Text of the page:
Or even better, superior!! Superior. Interesting concept. It surpasses adequate as the next level of value. A superior piece of workmanship is worth more than something merely adequate. In fact, the adequate job is now inferior by comparison. So, superior is better. Having a car made with superior engineering costs more because of the added value of the design, etc.

Driving that car gives the driver a leg up on the other guy in the five year old compact car. It makes a statement to the world of our value, because we can afford it. And, admit it, we feel just a little superior and they may, who knows, feel just a little inferior as they compare vehicles.Our homes, our yards, condos, apartments, cars, boats, clothes, kids, schools, jobs, lifestyles, bodies, mates, friends, clubs, memberships, vacations, and yes, cigars, tell the world where we are on the value scale:

Inferior – - – - – - > Superior.

We constantly compare and compete. Paying attention to these matters we have energy for them. Part of ‘normal not being healthy’ is that we spend large amounts of money on appearances, on the surface of things. “Well, why not? You only have one chance to make a first impression.” Exactly. If your concern is with your image in the eyes of the world, that’s normal. And if your concern is on making a better impression, that makes perfect sense. Improve and enhance.The ‘fix’ only requires money and the things money can buy. It’s normal, but it’s a trap, a money trap. And you never have enough.

That’s not what really moves me or what we’ve been exploring. An investment of money is not required to carry forward our premise. What is required is an energy investment. And, an interest in exploring what it means to be a fully human person, functioning from a center that makes us unique and distinct, while also connected to the larger family of humanity.

“Even if you don’t know what you want, buy something, to be part of the exchanging flow. Start a huge, foolish, project, like Noah. It makes absolutely no difference what people think of you.” (Rumi)

The ‘scared one’ be damned. Let’s kick it into gear and bust out of the confining limits and safe habor of the status quo. The question then becomes, what “huge, foolish project” is only mine to do? Maybe I’m the project and the book a little ship.

“No. Thanks, for asking. But I really want to work on this book. I’ve been putting off finishing it for years. I know it would be fun, but it will be more satisfying for me to finish what I started. So long.”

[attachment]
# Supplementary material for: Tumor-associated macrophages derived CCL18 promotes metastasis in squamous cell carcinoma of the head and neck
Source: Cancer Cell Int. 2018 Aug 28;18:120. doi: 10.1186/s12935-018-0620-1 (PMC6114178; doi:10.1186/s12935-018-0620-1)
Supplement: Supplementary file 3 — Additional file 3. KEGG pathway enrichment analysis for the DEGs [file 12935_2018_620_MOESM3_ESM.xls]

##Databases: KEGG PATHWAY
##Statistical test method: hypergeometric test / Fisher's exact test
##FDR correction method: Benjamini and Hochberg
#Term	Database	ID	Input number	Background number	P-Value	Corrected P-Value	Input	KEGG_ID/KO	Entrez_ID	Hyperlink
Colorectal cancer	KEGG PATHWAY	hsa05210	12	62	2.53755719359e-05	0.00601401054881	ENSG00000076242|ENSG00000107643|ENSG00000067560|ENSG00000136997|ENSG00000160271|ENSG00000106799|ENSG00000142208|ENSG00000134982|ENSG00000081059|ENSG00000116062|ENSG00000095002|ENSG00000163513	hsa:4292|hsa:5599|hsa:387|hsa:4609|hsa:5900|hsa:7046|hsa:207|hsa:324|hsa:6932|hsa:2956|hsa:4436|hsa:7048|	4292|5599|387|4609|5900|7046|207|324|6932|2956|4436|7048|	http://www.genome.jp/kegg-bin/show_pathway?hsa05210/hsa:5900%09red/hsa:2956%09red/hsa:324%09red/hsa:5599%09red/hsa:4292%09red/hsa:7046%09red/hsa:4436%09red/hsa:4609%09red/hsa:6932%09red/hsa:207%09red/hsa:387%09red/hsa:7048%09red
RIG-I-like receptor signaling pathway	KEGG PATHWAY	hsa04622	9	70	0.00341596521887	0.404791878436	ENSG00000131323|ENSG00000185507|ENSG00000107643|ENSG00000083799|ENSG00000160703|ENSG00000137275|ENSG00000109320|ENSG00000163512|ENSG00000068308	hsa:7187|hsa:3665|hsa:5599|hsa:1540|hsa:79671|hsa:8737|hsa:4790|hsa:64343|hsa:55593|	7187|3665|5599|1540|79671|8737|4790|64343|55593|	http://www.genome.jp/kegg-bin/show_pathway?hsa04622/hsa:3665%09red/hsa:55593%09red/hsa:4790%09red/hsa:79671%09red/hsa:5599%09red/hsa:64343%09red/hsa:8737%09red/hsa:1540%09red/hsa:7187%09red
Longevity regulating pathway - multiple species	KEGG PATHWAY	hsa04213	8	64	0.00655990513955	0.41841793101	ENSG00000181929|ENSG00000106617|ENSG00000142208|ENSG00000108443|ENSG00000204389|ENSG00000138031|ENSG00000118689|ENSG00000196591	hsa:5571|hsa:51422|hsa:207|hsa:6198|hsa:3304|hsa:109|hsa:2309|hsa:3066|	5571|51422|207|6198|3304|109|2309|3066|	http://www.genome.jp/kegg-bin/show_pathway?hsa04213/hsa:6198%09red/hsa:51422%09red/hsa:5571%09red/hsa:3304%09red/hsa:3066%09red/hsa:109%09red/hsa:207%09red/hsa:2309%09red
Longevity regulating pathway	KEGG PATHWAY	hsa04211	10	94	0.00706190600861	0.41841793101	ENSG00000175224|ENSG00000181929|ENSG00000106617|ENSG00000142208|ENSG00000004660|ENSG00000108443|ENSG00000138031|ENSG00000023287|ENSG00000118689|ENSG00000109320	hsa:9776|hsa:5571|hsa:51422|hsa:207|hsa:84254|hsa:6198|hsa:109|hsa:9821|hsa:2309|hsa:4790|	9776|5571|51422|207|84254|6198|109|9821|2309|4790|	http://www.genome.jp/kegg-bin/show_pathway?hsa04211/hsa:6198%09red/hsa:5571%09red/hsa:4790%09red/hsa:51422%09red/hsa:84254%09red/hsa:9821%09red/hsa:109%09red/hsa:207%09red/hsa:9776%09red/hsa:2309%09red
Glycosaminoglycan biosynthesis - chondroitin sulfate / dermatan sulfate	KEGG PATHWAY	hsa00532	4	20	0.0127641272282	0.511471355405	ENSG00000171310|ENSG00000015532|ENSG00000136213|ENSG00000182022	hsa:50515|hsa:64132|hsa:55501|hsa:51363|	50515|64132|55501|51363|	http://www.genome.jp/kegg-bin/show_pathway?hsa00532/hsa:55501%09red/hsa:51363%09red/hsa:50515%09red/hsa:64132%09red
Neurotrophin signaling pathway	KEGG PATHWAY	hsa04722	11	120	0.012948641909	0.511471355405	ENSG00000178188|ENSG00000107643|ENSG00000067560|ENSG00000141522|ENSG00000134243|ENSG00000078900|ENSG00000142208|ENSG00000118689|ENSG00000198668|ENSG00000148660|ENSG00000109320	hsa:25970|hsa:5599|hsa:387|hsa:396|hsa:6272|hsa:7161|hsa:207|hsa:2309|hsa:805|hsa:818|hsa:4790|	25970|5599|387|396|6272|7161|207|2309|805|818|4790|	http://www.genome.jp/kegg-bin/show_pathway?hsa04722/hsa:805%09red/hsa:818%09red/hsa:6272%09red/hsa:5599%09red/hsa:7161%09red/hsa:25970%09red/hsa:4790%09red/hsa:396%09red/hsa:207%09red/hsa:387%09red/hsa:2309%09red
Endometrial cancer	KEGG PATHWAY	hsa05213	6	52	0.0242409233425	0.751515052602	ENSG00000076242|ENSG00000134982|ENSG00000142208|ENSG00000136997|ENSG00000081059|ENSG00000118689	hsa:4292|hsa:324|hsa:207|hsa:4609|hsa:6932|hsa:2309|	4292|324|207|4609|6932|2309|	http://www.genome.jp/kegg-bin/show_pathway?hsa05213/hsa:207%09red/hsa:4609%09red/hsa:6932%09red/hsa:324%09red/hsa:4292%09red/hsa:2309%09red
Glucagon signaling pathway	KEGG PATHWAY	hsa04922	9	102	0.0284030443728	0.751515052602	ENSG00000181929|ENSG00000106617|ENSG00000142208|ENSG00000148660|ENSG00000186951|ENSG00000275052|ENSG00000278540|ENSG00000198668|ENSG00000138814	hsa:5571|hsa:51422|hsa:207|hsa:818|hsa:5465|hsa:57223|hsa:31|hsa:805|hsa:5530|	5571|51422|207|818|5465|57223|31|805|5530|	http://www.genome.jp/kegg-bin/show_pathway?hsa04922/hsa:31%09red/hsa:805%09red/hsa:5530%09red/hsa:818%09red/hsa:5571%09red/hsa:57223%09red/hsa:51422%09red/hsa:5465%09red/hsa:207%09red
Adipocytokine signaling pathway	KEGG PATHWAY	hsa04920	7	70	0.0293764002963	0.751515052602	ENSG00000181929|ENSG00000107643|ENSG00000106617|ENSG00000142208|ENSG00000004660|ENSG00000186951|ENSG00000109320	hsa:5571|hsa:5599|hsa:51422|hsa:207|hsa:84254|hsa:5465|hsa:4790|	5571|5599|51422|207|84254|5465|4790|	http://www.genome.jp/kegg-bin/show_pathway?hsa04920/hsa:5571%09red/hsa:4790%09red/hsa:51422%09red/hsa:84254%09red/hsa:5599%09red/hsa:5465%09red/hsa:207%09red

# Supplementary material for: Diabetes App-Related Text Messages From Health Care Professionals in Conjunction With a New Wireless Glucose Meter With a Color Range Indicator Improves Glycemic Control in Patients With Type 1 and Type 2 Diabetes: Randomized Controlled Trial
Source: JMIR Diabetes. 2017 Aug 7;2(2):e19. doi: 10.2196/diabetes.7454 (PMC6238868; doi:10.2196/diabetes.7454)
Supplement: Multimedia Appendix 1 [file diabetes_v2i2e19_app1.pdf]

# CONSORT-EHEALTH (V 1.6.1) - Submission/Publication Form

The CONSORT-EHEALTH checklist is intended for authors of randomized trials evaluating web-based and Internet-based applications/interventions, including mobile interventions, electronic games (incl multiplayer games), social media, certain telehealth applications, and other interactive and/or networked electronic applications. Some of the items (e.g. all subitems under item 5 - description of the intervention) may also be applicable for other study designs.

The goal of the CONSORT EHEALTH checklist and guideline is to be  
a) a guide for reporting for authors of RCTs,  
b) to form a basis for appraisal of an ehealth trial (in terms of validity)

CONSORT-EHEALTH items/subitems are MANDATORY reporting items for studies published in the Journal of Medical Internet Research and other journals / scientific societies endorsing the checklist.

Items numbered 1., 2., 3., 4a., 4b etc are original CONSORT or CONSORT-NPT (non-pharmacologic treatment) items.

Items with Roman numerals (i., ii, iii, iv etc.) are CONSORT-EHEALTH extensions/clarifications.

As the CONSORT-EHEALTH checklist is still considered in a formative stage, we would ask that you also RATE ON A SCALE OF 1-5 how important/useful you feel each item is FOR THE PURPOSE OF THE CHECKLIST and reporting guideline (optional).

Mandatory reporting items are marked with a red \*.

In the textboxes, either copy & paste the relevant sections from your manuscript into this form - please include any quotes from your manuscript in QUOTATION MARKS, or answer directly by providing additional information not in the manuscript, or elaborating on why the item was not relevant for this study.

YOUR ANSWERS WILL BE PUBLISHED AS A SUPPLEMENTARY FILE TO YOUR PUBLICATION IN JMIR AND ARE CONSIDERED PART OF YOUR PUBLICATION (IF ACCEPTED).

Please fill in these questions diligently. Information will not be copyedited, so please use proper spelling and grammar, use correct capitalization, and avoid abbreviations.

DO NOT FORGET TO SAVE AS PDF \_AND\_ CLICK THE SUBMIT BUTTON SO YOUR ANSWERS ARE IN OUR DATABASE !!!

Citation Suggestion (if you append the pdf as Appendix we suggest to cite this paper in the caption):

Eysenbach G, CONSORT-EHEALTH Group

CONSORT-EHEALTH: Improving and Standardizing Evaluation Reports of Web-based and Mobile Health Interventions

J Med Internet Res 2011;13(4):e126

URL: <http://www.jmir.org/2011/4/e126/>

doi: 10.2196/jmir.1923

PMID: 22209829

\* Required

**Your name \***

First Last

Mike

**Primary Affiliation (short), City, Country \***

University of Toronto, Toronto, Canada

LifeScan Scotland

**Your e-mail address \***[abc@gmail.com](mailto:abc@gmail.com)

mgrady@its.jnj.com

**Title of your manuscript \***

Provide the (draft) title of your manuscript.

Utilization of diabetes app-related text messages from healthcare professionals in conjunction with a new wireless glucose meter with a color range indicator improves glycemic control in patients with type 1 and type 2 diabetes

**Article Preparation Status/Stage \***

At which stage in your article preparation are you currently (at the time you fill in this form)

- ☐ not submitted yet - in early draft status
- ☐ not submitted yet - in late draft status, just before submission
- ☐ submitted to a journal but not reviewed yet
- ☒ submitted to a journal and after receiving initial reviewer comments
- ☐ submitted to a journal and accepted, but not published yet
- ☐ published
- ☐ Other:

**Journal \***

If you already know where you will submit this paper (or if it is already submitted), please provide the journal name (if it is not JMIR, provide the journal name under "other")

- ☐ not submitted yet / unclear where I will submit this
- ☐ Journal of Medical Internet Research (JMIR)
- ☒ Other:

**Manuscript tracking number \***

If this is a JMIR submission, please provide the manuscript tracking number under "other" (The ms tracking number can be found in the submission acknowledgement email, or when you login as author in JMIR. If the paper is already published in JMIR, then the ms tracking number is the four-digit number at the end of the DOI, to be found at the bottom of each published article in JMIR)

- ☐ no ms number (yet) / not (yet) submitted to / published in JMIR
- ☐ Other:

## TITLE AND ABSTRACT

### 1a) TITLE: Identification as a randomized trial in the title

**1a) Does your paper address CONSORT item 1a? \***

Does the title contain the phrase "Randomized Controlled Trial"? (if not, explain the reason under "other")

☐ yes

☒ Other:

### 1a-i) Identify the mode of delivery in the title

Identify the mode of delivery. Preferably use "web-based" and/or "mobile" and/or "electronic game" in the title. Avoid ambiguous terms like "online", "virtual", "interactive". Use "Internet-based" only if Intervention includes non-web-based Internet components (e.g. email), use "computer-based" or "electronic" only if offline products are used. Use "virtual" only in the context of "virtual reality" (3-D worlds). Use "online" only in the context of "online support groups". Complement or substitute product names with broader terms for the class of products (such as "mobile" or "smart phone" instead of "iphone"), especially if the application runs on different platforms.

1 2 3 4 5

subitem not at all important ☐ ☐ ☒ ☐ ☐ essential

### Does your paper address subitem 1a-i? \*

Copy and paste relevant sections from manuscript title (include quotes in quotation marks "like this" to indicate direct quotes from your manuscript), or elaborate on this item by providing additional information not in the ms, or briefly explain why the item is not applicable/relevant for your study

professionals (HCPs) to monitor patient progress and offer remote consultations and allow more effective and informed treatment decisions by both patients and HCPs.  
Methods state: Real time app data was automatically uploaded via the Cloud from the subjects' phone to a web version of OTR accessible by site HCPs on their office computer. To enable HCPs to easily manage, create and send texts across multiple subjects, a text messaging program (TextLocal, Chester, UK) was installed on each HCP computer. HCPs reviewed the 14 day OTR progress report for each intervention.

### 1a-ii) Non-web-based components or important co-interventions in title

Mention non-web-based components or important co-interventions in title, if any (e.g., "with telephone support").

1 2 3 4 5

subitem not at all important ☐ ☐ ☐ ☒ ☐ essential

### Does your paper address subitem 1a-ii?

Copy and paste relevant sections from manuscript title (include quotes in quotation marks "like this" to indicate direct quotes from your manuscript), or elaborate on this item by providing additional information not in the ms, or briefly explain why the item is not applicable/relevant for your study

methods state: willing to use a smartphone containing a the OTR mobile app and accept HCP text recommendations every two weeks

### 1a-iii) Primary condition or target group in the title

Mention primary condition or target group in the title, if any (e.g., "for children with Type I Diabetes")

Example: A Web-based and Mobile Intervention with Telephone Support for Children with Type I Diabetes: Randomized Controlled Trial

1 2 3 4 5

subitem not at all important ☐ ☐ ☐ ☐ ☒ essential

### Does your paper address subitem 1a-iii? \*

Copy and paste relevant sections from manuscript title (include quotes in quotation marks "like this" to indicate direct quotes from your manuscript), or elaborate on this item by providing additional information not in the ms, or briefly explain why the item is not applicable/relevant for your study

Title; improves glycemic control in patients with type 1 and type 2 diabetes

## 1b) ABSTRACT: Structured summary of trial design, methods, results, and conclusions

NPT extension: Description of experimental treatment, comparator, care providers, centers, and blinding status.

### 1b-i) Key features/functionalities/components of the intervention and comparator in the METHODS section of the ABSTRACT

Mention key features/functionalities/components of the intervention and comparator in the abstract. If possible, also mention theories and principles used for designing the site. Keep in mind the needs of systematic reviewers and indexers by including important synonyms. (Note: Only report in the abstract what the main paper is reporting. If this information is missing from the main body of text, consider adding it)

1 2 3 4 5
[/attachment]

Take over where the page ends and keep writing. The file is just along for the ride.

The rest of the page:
The book is finished. I’m still working on me.

From Perfection to Acceptance


We are a paradox, both tiger and goat.  We have a ‘scared one’ inside us driven by the fear that at any moment we could be exposed as inadequate, our goat self.  Since our ‘scared one’ fears that at any given moment our secret may be revealed, he/she has to be constantly vigilant.  Therefore, “safety and security at all costs” is the motto for the ‘scared one.’

One way to stay safe is to do things well, or better yet, perfectly.  That demonstrates to the outside world how great we are.  In school some of us got all “A”s and as adults still seek that grade from others.  We seek the “A” for adequate, to compensate for our feelings of inadequacy.

Our perfectionistic tendencies are also affirmed and admired by others.  We can be proud, are even told that we should be proud, of our accomplishments.  The car, the house, the yard, the kids, the school, the clothes–everything we do becomes an opportunity to show the world how great we are.  How perfect we are!

But, what happens when we fall short of the mark?  What is your self talk like when you don’t meet your high expectations, when you fail?  When you screw-up, what do you say to yourself?

I asked this question once to a group of women at a conference.  Most of those present shouted out self-deprecating statements like:

“That was a dumb thing to do!”

“I can’t believe I did that!”

“What an idiot!”

And, one of my personal favorites:

“I should’ve known better.  What’s wrong with me?!”

But one woman said, “Oh.”

I said “Oh?”

“That’s right, Oh! O-H Only Human.”

I said, “That’s suspiciously healthy.  I should report you to the thought police.  Now stand in the corner and straighten yourself out!”

When I inquired as to whether she had always been so accepting of her humanness, she said,  “Oh, no.  I used to be a relentless perfectionist.  Then I had years of therapy which taught me to say O-H.”

Folks, save yourself some money!  Don’t use your failures or mistakes as an opportunity to reinforce your feelings of inadequacy.  Who benefits?  No one!  You certainly don’t.  Do others benefit when you belittle yourself?  No way!

So, give yourself a break today.  After all, don’t your highest values support you doing so?  I mean, is God waiting for the new improved you?  Or just as you are, flaws and all, are you loved and accepted by a mystery that exceeds your understanding?  If that is part of your belief system, use it to support your new learning.

Our culture is so caught up in self improvement.  When you go to the self help section of the book store you have to take a number and get in line.  And after you make some improvement, are you now perfect?  Nope.

So what is required?  More improvement.  Done.  Are you now perfect?  Nope.

And on it goes.  When do you get to perfect?  Never.

So when do you get to your good feelings?  Never!

What is much more useful from my perspective is self acceptance, not self improvement.  Don’t get me wrong.  I’m very interested in learning, in getting better at everything I do.  My bias is that everyone is an underachiever.  No matter how well we do anything, we can get better.

But I don’t want to wait to feel better until I get better at what I do.

So, what about those feelings of inadequacy and insecurity that never go away?  How are you supposed to feel better when they are always present?  Very good questions.

The answer is connected back to the paradox of our humanness.  Think of it this way.  Acceptance of myself, with all my imperfections, creates a psychological space to create something new.